The connection between physical activity (PA) and the slowing or prevention of cognitive decline in the elderly has been widely recognized, but an explanation of just how PA works on the brain’s chemistry has been more elusive. Now researchers in Germany believe they’ve isolated a chemical marker that helps identify PA’s neuroprotective effects.

The research project itself was fairly straightforward: split 53 cognitively healthy individuals 65 and older into 2 groups—the first of which received 3 half-hour supervised cycle training sessions per week for 12 weeks, and the second of which did not increase their PA—and then measure a host of factors associated with cognitive decline at the beginning and end of the 12-week training program. Researchers didn’t limit their investigation to chemical markers but also included evaluations of gray matter volume and cognitive performance tests. Results were published in Translational Psychiatry.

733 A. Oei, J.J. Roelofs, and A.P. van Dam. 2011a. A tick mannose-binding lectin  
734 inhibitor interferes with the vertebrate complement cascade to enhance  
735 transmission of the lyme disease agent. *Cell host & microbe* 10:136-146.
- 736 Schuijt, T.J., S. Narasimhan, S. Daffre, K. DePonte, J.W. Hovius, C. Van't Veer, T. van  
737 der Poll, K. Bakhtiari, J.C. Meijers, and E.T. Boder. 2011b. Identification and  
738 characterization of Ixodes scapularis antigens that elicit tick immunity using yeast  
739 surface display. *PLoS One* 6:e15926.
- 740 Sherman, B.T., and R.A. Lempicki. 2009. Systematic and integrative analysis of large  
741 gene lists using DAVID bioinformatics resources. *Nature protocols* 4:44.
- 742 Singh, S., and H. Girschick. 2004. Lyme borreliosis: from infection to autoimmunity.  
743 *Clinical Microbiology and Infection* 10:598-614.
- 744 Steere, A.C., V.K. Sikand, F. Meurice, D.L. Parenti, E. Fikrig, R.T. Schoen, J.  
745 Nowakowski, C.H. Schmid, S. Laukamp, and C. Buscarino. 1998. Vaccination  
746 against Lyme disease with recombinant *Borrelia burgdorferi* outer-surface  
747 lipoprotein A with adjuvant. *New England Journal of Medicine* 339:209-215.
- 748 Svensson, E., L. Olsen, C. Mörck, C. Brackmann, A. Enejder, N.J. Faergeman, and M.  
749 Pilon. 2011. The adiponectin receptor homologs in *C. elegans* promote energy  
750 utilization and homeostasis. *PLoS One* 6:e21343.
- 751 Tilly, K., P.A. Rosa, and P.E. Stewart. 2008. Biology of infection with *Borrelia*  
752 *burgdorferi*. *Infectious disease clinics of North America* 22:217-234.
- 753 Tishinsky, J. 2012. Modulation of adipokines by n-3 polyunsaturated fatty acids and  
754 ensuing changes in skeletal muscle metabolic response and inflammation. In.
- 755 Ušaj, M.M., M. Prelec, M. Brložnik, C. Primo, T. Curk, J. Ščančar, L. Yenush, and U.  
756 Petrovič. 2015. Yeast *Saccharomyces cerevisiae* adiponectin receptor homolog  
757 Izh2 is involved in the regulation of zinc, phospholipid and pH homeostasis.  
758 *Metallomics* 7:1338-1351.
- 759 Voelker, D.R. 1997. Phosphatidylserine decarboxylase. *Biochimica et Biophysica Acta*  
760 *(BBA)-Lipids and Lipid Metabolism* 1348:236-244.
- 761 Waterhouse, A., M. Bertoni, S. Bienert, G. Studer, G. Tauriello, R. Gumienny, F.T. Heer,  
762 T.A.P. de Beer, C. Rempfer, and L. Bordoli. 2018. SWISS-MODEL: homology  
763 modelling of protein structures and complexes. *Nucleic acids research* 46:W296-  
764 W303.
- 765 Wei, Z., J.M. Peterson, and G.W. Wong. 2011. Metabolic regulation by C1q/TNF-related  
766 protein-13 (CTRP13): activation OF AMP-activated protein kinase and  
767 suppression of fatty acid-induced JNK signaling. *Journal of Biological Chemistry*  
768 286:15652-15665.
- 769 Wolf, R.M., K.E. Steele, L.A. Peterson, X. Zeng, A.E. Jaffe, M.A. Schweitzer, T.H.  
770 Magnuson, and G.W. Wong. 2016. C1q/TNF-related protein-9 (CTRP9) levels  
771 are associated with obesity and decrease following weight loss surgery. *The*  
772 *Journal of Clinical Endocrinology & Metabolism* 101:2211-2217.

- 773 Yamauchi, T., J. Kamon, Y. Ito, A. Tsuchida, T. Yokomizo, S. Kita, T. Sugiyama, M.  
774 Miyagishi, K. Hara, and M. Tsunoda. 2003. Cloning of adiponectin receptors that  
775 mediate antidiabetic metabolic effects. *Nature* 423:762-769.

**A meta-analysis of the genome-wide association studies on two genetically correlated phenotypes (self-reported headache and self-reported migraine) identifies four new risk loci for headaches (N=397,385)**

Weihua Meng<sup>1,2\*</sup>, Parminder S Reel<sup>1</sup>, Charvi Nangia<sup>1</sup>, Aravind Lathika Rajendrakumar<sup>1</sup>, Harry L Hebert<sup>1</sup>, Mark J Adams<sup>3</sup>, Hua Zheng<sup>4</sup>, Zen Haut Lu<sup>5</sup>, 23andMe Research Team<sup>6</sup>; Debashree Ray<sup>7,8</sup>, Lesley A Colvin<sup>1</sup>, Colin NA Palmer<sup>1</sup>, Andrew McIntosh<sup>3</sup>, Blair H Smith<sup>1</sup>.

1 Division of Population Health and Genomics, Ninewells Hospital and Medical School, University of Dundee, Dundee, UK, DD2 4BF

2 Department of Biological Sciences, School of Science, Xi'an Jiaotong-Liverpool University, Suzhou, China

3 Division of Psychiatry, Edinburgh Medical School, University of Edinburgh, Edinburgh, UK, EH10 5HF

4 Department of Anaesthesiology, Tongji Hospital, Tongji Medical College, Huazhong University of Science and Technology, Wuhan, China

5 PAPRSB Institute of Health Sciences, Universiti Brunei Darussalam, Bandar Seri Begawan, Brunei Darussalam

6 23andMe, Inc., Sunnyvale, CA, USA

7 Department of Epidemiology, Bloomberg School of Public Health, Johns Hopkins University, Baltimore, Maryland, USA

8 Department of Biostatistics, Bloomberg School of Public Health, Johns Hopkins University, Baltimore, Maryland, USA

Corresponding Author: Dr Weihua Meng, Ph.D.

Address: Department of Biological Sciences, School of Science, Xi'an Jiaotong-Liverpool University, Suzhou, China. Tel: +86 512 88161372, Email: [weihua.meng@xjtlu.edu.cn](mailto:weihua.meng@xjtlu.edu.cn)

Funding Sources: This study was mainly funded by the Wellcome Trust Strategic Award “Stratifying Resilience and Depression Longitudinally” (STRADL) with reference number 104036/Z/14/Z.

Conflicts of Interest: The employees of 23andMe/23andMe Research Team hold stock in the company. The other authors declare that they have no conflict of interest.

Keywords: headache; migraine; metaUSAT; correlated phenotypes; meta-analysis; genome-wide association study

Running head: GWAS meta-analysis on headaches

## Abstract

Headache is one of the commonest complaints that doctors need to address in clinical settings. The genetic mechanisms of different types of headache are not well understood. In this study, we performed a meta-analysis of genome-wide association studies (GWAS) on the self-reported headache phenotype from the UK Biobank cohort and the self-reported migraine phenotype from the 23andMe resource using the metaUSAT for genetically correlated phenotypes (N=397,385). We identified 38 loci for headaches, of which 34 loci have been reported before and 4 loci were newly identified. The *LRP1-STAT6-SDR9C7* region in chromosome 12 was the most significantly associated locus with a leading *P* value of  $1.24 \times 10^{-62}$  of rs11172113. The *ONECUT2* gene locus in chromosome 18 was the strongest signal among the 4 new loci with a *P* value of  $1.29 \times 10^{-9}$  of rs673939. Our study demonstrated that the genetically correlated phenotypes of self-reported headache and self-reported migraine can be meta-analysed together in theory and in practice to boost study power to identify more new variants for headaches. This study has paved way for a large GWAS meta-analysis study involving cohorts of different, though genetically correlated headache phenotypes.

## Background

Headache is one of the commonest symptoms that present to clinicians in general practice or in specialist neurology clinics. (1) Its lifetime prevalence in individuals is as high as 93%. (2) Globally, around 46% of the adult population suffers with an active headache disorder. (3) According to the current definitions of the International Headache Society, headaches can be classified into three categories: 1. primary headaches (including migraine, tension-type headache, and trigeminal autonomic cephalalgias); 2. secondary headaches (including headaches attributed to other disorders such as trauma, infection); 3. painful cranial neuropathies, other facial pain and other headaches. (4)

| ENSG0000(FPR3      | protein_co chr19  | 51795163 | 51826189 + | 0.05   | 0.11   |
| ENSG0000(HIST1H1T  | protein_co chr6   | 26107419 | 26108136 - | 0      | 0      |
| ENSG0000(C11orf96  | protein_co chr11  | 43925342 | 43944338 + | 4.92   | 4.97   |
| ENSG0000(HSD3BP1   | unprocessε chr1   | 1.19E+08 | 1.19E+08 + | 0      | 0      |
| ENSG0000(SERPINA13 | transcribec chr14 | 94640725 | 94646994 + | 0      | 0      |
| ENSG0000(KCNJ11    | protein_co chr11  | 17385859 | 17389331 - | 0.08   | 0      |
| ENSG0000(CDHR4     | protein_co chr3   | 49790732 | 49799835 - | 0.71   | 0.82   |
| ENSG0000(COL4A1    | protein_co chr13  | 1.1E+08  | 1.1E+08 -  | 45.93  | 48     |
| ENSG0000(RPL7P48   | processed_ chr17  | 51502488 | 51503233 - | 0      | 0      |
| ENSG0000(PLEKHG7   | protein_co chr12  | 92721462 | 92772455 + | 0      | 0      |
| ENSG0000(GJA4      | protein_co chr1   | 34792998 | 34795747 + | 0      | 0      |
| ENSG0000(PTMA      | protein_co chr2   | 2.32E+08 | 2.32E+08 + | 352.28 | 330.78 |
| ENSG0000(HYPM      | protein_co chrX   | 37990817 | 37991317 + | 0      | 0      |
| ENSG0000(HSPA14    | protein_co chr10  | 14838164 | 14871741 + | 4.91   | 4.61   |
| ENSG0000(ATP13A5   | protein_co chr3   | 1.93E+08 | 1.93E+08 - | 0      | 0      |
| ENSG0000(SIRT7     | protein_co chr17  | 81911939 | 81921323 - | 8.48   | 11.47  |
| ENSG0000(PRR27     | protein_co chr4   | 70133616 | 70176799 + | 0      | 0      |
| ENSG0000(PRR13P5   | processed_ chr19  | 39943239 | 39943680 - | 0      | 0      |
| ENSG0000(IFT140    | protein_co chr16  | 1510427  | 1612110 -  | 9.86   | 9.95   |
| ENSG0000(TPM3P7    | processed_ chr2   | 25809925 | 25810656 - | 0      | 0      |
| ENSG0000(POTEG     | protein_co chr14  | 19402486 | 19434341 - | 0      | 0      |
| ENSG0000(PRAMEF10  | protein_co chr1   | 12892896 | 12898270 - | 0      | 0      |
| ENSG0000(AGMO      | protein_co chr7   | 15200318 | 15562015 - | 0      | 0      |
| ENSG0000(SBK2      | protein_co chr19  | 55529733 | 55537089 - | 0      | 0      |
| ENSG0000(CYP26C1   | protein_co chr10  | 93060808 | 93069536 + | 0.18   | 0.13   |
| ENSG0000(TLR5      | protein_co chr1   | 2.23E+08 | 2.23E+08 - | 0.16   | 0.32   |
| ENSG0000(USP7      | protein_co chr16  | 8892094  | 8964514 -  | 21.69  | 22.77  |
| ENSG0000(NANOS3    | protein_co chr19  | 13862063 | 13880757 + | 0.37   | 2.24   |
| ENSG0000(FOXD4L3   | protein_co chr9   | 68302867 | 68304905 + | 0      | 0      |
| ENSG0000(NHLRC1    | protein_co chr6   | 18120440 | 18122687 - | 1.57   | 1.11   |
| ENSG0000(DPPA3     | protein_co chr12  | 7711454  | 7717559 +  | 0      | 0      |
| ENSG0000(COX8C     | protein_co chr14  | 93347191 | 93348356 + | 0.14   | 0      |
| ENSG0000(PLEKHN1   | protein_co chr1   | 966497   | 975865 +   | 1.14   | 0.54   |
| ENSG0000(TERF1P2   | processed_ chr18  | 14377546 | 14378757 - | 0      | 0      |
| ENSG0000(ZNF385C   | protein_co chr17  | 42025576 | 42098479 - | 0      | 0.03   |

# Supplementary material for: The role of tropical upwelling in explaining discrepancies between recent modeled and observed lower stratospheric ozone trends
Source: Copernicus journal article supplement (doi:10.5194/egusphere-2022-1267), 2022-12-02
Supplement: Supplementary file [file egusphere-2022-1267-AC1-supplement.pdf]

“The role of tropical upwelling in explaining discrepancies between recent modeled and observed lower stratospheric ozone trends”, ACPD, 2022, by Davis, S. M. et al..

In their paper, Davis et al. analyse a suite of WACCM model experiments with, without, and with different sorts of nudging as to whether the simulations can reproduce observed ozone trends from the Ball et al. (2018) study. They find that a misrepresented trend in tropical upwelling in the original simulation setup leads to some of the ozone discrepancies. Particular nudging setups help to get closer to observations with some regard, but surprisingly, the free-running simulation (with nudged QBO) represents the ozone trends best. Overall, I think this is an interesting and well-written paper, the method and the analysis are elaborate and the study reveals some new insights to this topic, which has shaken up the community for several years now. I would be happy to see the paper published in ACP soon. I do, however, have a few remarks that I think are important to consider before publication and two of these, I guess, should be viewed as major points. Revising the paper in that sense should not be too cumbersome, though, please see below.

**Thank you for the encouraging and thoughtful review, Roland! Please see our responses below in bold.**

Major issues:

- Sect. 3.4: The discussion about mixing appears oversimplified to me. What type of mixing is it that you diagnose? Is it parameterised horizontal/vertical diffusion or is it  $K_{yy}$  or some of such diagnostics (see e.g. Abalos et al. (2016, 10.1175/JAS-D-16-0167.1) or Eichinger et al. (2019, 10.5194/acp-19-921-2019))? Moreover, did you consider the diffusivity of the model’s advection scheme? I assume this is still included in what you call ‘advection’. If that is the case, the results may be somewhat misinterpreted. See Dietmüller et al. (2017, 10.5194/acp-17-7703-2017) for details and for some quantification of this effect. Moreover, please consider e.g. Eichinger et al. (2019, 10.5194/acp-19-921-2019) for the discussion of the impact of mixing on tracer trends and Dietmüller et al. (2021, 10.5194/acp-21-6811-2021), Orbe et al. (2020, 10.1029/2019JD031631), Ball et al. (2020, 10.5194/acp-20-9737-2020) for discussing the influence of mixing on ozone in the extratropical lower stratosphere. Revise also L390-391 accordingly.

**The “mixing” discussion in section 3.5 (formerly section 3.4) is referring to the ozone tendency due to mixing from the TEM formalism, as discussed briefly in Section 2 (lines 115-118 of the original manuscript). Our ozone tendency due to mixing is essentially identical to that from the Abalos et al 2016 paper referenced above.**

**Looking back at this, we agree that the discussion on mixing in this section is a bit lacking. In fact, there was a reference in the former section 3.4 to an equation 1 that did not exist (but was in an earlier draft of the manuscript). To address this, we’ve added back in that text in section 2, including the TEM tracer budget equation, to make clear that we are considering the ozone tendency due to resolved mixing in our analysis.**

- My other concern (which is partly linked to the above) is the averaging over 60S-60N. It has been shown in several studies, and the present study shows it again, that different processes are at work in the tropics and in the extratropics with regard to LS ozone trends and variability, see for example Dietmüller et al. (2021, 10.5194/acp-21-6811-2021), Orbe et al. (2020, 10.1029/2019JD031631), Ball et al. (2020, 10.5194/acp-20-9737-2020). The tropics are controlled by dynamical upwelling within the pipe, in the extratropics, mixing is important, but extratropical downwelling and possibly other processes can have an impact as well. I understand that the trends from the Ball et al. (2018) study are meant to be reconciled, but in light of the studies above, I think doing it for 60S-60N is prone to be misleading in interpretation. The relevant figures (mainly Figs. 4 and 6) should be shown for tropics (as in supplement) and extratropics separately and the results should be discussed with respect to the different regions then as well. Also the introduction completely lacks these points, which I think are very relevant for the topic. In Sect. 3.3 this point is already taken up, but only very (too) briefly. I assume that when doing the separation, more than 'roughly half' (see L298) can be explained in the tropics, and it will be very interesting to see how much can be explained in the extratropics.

Full story of chemical marker helps identify PA’s neuroprotective effects at APTA

Low physical activity increases risk of bladder, kidney cancer

Most of us know that physical activity is good for us. But a new study shows that a chronic lack of physical activity can drastically increase the chance of developing cancer in the bladder and kidneys, and it suggests that engaging in more physical activity may reduce this risk.

The Centers for Disease Control and Prevention (CDC) report that, every year, almost 57,000 adults have kidney and renal pelvis cancers in the United States. Additionally, almost 14,000 people per year die from these cancers.

Bladder cancer is also widespread. According to the CDC, around 71,000 U.S. individuals developed bladder cancer in 2013, and almost 16,000 people died as a result.

Full story of physical activity and bladder cancer at Medical News Today

Six fixes for anterior pelvic tilt

Some research suggests that as many as 85 percent of men and 75 percent of women, who do not show any symptoms, have an anterior pelvic tilt.

Anterior pelvic tilt is caused by excessive sitting or lack of physical activity. It affects posture and the shape of the spine, and may lead to other symptoms.

In cases of anterior pelvic tilt, the pelvis can gradually be returned to a neutral position, using a variety of stretching and strengthening exercises. These exercises include the following: